Almarestäkets castle was built in the 1100s to protect the Sigtuna and Uppsala cities. It was also called as St. Erik's castle after Eric IX. Throughout the Middle Ages there was a struggle between the Crown and Church who can control the castle.
The castle was first mentioned in the late 1300s. In 1440 got Archbishop Nicolaus Ragvaldi permission to build a new castle, which was completed about ten years later. In the 1510s troubles Almarestäkets was in possession of Bishop Gustav Trolle between 1516-17. The castle was sieged by his main enemy Sten Sture the Younger in 1517. Archbishop Gustav Trolle locked himself in there to avoid trial, and the Swedish government demanded and carried out the demolition of the fortress. The procedure was formally unauthorized because at the time State property was to be separate from Church property. As a revenge for this and other perceived injustices, Trolle, assisted by the Danish King Christian II, took revenge in the Stockholm Bloodbath of 1520.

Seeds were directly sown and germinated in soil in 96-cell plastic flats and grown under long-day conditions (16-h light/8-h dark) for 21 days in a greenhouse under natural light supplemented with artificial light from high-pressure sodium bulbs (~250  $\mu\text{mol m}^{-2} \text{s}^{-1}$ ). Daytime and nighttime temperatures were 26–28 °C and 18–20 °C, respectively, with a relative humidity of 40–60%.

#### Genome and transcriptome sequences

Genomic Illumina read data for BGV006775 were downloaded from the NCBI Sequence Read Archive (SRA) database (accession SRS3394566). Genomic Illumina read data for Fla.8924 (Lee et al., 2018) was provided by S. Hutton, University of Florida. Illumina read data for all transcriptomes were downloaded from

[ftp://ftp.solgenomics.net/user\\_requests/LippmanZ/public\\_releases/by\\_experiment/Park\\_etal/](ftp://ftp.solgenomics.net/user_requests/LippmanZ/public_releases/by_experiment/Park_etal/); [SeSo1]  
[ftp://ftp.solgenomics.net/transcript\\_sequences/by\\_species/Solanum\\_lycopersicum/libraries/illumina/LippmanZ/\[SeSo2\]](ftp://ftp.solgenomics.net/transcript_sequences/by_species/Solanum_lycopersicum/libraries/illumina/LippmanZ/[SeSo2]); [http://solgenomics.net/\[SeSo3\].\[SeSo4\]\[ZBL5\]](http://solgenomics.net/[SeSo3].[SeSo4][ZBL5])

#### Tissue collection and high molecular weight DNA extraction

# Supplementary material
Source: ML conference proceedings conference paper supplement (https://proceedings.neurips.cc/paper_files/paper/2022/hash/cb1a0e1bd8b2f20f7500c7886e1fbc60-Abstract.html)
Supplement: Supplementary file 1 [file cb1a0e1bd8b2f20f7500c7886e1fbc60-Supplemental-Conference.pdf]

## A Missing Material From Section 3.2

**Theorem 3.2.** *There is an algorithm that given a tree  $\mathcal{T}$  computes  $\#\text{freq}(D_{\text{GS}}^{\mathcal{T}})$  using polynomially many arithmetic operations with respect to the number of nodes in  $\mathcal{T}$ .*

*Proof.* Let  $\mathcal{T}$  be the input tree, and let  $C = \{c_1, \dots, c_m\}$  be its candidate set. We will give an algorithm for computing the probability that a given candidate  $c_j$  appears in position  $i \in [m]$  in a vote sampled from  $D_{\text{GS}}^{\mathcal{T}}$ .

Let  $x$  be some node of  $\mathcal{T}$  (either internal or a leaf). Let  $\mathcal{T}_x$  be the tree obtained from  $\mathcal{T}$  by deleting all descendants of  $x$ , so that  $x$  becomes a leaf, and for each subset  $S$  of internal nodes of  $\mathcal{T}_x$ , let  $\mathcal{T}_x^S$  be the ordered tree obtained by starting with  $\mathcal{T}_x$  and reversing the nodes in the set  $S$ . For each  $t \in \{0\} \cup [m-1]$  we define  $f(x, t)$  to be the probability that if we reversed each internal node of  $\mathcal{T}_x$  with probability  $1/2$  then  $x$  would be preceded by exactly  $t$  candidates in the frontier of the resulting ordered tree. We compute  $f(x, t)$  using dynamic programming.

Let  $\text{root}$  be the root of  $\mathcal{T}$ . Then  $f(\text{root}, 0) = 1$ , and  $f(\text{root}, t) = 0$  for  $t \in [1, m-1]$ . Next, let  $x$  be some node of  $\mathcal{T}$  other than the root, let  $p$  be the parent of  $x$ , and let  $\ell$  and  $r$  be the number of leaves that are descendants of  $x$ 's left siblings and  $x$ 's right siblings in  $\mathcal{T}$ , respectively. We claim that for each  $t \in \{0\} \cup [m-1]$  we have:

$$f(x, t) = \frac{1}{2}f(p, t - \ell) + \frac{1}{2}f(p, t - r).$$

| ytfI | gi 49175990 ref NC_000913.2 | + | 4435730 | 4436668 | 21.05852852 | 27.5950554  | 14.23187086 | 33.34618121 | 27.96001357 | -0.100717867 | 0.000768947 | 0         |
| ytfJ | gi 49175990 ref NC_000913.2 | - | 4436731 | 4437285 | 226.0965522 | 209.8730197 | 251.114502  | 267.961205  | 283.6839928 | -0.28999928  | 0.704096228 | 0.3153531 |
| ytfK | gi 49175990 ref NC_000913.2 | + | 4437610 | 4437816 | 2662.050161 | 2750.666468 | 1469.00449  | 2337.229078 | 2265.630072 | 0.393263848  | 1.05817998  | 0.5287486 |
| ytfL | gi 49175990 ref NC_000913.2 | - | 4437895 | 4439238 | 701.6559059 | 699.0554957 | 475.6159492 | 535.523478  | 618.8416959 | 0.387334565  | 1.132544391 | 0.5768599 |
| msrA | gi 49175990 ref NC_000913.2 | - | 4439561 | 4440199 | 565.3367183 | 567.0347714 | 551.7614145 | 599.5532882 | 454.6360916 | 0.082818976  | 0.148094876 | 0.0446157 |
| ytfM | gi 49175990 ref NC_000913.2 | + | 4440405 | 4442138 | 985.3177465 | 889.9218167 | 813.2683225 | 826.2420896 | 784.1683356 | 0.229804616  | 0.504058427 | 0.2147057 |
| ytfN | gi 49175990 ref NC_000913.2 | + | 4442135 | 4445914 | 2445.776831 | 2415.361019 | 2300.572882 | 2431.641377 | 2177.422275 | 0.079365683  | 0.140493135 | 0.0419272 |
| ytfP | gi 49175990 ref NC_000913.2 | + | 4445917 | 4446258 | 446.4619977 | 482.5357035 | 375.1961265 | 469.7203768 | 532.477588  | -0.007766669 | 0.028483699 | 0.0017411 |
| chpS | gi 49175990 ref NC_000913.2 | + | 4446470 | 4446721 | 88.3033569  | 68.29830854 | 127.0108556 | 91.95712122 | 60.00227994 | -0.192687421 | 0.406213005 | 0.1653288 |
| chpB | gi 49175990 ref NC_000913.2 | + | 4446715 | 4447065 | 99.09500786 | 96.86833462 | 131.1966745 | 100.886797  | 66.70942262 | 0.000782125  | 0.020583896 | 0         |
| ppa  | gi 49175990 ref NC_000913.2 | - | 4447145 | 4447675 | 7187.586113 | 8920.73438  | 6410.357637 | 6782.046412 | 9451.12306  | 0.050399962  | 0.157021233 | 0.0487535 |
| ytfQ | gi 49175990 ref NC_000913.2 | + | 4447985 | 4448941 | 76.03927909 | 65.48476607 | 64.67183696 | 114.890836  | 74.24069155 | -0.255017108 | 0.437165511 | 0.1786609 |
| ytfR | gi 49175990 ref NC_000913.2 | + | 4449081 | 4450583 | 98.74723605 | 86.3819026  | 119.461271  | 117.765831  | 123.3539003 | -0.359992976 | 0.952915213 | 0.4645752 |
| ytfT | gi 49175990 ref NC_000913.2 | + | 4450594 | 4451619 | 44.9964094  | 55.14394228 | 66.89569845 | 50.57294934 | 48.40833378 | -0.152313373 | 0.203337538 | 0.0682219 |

Today there are visible traces of castle foundations with potholes filled with stone and occasional bricks.References:
The city walls of Avila were built in the 11th century to protect the citizens from the Moors. They have been well maintained throughout the centuries and are now a major tourist attraction as well as a UNESCO World Heritage Site. Visitors can walk around about half of the length of the walls.
The layout of the city is an even quadrilateral with a perimeter of 2,516 m. Its walls, which consist in part of stones already used in earlier constructions, have an average thickness of 3 m. Access to the city is afforded by nine gates of different periods; twin 20 m high towers, linked by a semi-circular arch, flank the oldest ones, Puerta de San Vicente and Puerta del Alcázar.